In his article “The Debate on Individualism,” Sampson (1988) distinguishes between “self-contained individualism” and “ensemble individualism” as indigenous psychologies of the self. A self-contained individual maintains a “firm self-other boundary,” an internal or “personal” locus of control, and an “exclusionary conception of the other” (p.16, Figure 1). An individual, according to Sampson, whose indigenous psychology understands the self as an ensemble individualism, characteristically maintains a “fluid self-other boundary,” where control is dispersed, and located within the social “field.” Additionally, in the ensemble type of self, the conception of the other tends to be inclusive rather than exclusive, which follows logically given a more fluid self-other boundary (p.16).

Returning now to the visibility of depression in postmodernity, what becomes apparent is this: depression as such predominantly occurs within a culture — within a particular Heideggarian publicness — that understands the person as an internally bound and located center of control. Would “depression,” understood as “something wrong inside of you,” make any sense to an indigenous psychology of Sampson’s ensembled individualism? Probably not; and how could it, when “inside the head” would be an empty concept rather than a psychological reality? Psychological reality, and thus psychological visibility ,is social reality— social visibility. It is the social field that provides the condition of possibility for individual selves. As Dutch psychiatrist J.H. van den Berg (1983) writes:

What the patient brings to analysis is not strictly her own, it is not strictly individual pathological difficulty…. The patient brings the effects of a “strenuous social life” as if not she, but society were ill. The patient is indeed ill…. an illness from which we all are suffering, an illness which is not of an individual, but of a social nature. Society is ill; this comes first. Only after this are there also neurotic patients. They are the ones who could not stand this social illness. (p.160-61, my italics)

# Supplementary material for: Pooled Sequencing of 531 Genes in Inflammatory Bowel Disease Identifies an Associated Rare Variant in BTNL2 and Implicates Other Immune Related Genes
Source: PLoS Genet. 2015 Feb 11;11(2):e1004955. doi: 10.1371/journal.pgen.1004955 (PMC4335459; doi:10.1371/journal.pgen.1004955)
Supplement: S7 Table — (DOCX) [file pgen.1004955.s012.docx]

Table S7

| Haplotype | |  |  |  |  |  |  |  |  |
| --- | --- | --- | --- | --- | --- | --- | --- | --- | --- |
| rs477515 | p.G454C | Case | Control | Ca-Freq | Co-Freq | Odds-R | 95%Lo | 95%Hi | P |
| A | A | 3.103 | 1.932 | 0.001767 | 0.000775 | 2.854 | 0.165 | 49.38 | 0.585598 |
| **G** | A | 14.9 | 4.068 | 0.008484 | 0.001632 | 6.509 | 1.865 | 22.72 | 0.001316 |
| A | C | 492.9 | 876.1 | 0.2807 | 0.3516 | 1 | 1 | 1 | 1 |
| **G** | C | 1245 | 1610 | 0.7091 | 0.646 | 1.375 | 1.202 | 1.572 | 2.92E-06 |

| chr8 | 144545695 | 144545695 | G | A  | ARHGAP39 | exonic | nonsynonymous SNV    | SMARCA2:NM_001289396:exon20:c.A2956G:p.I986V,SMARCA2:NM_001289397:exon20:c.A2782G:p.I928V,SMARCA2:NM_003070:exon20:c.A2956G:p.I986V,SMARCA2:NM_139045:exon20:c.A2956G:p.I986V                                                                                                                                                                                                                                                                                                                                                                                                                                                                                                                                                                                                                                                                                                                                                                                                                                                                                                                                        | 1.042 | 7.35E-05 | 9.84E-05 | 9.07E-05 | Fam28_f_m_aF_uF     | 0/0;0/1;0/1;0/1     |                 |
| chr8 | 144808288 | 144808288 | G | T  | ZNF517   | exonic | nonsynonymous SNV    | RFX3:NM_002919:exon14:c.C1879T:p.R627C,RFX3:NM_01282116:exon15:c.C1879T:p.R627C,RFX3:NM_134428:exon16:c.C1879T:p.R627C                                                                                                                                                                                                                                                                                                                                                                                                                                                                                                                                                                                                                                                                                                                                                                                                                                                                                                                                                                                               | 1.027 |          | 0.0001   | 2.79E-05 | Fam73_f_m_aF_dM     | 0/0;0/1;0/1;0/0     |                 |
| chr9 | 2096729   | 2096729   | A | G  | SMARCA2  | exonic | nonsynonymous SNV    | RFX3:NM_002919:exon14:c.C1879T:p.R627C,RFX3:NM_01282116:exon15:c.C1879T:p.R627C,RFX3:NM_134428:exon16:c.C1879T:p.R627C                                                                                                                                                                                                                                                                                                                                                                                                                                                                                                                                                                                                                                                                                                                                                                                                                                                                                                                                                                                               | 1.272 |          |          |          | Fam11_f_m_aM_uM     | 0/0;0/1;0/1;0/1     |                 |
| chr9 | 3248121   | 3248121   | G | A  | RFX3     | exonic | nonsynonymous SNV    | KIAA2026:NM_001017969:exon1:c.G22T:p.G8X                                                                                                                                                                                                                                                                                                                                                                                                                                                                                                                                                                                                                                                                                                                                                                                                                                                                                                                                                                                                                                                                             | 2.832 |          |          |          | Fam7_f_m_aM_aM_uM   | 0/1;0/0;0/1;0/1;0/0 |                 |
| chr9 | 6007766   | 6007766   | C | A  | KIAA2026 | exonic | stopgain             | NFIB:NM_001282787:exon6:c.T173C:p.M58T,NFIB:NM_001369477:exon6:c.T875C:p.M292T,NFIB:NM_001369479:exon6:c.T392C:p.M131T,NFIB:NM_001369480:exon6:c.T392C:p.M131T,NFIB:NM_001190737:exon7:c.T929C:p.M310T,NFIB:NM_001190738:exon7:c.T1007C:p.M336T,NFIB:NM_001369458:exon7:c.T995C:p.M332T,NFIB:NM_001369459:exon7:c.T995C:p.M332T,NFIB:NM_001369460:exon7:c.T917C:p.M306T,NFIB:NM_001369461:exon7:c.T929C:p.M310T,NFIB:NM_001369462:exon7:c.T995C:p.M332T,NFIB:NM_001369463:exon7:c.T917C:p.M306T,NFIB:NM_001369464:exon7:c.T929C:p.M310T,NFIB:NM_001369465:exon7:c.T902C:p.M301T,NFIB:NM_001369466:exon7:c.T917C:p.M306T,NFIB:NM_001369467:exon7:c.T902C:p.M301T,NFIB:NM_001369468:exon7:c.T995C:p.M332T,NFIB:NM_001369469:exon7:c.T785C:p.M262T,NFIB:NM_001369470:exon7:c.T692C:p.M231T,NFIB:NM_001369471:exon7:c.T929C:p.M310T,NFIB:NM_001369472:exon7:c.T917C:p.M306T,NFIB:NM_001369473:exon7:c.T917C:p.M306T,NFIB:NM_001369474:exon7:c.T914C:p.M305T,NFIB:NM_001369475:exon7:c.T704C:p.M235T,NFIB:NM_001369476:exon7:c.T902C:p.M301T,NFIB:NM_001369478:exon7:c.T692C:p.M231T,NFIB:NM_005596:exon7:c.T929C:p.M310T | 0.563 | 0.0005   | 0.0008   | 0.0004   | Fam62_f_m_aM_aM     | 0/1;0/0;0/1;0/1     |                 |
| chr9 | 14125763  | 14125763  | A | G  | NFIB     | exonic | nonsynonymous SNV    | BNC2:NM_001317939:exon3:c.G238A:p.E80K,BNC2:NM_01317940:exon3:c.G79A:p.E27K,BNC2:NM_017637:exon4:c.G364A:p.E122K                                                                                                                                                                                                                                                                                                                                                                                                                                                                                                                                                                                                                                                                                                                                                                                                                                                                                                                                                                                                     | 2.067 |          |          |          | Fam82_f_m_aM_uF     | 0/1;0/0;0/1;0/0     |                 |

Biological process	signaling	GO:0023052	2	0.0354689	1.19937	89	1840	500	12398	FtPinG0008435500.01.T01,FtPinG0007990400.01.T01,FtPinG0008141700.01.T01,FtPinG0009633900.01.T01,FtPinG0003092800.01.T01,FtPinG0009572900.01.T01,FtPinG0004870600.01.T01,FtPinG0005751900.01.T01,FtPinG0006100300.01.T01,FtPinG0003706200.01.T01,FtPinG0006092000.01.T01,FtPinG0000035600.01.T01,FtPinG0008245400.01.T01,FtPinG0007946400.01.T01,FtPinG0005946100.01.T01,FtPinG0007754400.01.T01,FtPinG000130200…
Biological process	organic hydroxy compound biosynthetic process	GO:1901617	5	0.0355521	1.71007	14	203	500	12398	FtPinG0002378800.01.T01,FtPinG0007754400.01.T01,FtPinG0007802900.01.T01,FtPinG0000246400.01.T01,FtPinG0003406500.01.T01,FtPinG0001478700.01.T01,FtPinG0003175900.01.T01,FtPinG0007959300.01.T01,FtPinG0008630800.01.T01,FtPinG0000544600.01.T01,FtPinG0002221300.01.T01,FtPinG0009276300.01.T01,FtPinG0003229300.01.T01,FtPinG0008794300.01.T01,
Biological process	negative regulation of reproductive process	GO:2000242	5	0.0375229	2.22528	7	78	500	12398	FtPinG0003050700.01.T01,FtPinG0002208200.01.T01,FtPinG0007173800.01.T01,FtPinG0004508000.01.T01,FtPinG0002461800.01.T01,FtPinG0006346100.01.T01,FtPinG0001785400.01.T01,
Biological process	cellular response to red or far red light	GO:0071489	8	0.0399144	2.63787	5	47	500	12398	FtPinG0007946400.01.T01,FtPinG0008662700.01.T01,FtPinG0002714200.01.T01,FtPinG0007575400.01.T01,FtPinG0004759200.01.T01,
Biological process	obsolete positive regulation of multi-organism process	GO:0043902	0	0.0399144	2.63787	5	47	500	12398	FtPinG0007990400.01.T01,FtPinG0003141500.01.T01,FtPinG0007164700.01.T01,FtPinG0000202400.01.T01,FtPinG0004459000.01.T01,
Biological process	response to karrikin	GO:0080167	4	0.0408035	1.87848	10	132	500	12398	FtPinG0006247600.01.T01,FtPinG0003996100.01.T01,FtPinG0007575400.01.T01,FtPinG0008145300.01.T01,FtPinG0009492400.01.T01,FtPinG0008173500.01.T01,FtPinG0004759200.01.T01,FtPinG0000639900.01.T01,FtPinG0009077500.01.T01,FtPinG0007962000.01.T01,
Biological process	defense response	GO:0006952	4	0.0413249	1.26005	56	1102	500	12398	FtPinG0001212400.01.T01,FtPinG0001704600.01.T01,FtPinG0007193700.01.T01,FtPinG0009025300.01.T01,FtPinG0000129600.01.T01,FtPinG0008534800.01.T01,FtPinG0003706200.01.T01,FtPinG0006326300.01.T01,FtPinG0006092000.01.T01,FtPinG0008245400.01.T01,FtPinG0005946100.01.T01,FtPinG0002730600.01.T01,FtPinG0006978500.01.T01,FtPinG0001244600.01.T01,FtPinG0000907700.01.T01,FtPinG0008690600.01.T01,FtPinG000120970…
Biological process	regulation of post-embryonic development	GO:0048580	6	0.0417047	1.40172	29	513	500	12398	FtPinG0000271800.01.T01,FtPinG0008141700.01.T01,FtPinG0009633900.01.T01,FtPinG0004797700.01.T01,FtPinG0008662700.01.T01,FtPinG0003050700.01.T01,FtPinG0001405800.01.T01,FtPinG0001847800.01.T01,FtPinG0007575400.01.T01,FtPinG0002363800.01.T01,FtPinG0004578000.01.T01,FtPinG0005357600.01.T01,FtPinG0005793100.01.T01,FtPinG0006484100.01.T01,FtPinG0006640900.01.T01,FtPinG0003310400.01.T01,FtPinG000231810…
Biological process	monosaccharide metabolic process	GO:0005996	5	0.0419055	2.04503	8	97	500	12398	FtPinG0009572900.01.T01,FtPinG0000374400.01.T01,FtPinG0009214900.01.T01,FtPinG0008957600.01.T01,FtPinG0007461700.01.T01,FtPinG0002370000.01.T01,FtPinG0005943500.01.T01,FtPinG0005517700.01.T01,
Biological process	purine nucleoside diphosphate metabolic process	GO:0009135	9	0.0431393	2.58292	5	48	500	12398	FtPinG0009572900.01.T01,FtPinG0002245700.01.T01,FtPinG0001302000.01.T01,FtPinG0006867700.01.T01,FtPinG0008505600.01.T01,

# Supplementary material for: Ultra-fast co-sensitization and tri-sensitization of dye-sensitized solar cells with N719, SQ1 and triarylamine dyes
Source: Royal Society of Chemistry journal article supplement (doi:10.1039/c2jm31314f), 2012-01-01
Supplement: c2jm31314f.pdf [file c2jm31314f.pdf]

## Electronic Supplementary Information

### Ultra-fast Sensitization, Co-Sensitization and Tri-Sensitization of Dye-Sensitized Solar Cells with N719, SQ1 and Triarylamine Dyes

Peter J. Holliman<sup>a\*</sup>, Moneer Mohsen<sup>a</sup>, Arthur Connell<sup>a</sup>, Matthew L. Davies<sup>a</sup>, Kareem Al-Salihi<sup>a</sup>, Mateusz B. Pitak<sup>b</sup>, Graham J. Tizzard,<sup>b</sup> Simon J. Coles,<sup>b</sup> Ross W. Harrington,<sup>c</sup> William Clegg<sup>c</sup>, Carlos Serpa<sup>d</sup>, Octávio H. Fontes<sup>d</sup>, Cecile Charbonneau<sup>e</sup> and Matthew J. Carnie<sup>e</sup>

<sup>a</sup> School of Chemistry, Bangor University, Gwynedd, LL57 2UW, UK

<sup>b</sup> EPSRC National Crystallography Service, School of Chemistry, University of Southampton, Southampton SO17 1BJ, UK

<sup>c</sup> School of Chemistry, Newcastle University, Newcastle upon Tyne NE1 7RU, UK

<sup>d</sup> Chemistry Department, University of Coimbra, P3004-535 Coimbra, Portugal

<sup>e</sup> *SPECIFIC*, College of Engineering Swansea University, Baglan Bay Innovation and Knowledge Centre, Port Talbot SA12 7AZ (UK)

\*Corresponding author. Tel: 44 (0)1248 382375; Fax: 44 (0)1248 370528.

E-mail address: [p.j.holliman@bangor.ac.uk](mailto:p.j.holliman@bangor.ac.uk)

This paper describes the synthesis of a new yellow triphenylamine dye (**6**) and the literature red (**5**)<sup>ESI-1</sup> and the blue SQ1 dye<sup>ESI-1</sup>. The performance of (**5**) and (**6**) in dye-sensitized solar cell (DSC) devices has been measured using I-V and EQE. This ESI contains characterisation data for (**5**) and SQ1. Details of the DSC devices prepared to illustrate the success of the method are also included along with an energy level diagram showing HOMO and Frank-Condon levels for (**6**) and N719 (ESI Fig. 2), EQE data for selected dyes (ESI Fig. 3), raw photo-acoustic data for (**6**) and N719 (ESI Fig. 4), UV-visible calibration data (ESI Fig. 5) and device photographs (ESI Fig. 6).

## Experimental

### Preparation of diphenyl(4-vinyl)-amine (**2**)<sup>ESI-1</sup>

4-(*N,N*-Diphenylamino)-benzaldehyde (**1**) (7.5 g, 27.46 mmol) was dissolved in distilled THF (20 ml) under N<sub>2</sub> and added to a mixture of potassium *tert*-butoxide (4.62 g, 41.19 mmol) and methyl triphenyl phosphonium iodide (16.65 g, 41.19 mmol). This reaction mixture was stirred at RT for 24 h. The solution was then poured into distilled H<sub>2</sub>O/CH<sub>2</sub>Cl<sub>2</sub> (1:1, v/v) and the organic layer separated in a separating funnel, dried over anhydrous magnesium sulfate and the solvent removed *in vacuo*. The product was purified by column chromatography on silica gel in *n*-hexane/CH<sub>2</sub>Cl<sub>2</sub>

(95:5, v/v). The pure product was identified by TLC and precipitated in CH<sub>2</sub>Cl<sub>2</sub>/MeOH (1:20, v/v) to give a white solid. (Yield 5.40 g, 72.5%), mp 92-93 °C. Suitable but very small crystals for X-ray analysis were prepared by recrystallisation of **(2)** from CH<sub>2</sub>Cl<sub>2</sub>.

Technological Disclosing and History

Thus far I have discussed the cultural and radically social aspects of our humanity, as seen through one form of psychological visibility: the depressive self. I now wish to continue this discussion of postmodern psychological space, with an emphasis on the historical considerations for this reflection.

“The year in which the theory of the neuroses and the theory of psychotherapy came into existence out of nowhere can be identified with particular exactness. Both theories appeared in the summer of 1882” (Van den Berg, 1983, p.115).  In The Changing Nature of Man (1983), Van den Berg refers to Freud and Breuer and their initial analytic work with suffering “hysterics” in Vienna. What van den Berg shows, in his historical-psychological treatise, is how the current psychological space in which we live has profound historical indices. There were once no neuroses and no depression . These conceptualizations and abstract formulations didn’t exist, nor did the corresponding personal experiences. How do we approach this bold claim, when, at the beginning of the 21st century, depression is at epidemic proportions in Western postmodernity? How is it that depression has come to be the mood of this historical epoch?